To be fair, it's seduction that is the problem in rabbinic eyes, not the song itself. Song has always been a very important part of the Jewish religious tradition. In Biblical Hebrew, the words for "song" and "poetry" are the same, "shira". Whole chunks of the Torah are poem-songs. Some commentators have even suggested that the whole of the Torah must be read as a Song of Heaven. The obvious songs of the Torah are, of course, the celebration of crossing through the Red Sea, the songs of Numbers 21, and Moses’ rather stern farewell poem Haazinu. Then came the great poetry of the Psalms, that still remain the essential songs of praise of religious worship both in Judaism and Christianity.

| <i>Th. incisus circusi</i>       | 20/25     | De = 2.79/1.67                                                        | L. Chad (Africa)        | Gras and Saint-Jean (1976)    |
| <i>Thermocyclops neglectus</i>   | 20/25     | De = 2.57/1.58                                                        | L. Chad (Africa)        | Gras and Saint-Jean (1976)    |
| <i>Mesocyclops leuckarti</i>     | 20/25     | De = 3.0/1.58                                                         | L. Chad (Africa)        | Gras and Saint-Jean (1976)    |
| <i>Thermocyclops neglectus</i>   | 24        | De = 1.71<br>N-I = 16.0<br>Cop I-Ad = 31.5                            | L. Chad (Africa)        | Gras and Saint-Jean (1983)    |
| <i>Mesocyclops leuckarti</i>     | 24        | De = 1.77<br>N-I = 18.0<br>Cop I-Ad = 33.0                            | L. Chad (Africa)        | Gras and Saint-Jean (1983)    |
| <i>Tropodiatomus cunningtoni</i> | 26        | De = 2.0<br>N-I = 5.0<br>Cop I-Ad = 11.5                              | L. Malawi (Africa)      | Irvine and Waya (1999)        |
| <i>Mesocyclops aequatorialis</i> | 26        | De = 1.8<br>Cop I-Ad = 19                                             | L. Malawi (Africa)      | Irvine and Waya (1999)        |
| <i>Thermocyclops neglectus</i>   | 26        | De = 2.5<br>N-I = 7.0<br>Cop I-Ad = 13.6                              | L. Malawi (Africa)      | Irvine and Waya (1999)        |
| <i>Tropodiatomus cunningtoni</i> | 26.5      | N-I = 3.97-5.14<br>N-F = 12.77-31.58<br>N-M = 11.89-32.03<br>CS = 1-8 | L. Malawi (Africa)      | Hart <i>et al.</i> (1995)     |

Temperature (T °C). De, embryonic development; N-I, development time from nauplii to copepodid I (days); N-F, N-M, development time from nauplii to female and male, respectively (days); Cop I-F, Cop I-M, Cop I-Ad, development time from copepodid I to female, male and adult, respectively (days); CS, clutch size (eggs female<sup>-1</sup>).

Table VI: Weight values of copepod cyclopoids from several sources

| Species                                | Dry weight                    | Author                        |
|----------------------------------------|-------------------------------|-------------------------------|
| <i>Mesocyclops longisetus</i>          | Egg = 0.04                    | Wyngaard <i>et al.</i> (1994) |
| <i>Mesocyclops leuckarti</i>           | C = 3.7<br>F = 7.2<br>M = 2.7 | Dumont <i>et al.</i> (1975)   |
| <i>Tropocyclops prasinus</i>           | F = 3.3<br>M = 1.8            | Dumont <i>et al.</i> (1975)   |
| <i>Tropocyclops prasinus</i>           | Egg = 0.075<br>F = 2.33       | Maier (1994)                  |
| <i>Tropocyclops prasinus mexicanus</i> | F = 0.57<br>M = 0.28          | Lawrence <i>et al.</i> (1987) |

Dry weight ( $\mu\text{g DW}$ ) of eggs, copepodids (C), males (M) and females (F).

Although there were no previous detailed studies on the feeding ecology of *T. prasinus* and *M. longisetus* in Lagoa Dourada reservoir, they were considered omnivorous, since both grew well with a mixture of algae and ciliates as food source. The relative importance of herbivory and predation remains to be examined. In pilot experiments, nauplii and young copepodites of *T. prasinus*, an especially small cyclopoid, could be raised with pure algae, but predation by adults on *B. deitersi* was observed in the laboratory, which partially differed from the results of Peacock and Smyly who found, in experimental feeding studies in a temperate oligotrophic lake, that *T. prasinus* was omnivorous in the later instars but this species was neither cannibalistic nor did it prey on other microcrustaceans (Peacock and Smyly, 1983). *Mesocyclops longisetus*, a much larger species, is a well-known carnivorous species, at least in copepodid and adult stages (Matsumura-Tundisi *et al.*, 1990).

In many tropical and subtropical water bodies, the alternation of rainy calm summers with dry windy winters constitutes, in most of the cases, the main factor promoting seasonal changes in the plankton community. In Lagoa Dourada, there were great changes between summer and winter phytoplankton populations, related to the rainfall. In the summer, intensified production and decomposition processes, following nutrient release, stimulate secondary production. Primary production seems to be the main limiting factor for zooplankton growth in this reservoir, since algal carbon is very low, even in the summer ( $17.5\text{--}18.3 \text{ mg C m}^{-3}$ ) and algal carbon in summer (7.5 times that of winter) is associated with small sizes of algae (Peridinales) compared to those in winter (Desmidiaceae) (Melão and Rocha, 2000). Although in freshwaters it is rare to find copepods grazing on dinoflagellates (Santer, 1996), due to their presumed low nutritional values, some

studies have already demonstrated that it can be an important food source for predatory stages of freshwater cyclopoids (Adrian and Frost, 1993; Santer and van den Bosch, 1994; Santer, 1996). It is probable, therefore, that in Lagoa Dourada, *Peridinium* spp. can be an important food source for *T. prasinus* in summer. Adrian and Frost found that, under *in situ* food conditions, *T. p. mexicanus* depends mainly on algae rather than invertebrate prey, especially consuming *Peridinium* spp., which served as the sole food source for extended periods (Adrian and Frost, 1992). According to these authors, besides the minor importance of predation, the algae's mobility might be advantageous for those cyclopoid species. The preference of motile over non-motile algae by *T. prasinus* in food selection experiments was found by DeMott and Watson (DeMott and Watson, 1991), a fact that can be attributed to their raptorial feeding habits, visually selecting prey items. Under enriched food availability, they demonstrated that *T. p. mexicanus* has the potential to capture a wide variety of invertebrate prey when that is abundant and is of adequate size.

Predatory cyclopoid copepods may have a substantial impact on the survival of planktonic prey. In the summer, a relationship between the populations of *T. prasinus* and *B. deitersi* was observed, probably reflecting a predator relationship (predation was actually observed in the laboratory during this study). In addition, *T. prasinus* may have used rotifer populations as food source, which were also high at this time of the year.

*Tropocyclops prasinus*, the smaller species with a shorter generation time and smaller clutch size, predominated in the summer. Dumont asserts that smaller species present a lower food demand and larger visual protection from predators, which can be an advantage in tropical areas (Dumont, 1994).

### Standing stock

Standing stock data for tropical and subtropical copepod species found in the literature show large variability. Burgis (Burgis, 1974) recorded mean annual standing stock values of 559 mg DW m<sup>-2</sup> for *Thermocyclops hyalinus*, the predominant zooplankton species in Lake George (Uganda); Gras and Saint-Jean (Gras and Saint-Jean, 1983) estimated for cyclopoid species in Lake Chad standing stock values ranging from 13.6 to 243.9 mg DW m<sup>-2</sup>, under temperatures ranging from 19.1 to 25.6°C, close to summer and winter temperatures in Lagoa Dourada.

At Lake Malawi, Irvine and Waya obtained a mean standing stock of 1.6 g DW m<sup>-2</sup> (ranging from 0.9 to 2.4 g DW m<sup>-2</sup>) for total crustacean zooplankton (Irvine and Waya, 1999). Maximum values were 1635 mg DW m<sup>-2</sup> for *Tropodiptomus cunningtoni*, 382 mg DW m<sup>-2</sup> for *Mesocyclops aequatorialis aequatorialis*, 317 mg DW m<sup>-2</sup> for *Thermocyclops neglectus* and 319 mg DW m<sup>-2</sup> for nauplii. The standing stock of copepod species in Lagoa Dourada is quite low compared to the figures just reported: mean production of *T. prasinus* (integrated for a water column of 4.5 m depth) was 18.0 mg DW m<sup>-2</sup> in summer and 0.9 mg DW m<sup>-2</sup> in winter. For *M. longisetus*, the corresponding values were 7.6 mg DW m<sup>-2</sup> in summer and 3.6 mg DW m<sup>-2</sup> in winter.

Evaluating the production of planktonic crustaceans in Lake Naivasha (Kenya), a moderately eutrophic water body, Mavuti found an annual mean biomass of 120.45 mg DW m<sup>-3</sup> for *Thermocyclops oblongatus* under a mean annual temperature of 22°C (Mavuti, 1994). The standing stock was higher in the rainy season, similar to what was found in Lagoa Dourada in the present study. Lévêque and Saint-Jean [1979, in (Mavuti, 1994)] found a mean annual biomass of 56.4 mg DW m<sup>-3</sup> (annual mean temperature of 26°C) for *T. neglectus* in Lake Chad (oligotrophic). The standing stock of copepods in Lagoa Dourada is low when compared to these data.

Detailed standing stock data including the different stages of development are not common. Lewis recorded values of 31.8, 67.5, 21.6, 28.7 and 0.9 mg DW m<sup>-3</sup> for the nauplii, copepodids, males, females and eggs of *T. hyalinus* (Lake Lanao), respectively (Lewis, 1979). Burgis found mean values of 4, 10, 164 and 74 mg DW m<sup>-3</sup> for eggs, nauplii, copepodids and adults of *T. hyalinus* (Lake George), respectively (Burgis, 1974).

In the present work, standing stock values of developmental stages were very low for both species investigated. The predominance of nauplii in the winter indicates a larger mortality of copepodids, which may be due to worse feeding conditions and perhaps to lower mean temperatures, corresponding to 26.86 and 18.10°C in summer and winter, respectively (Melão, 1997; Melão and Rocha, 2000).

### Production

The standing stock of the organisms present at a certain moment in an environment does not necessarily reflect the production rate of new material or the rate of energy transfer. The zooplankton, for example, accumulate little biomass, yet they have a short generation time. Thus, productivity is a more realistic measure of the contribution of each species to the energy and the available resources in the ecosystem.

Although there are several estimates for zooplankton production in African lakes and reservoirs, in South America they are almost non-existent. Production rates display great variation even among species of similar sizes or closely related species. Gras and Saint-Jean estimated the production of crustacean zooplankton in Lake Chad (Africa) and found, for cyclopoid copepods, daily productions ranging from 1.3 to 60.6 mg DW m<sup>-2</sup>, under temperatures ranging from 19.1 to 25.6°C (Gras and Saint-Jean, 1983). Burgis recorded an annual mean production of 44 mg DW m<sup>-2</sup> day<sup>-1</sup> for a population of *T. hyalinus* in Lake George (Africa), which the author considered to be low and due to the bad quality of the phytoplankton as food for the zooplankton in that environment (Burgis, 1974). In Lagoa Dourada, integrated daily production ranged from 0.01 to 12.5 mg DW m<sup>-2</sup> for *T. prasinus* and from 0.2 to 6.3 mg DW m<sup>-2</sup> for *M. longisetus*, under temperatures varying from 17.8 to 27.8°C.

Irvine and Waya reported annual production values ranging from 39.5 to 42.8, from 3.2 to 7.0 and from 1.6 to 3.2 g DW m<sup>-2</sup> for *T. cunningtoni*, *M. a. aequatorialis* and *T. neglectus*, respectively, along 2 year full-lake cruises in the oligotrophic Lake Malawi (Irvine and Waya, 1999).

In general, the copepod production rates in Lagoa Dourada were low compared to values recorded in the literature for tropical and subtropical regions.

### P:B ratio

The song that created the greatest problems for the holy men was the Biblical Song of Songs. On the surface it read like an erotic love poem. But when Rabbi Akivah insisted it was a love song between God and Israel, he won them over. In fact, it is now regarded as the essential metaphor for the way we are supposed to experience the Divine presence. That speaks volumes about the way our tradition, despite Maimonides, has viewed sensuality and emotion as being the ideal way to experience God. But I fear a sort of medieval Christian asceticism has infected the body of Judaism, and the link between seduction and song came to the fore in a Judaism that wanted to distance itself from its Christian tormentors as well as show it was holier.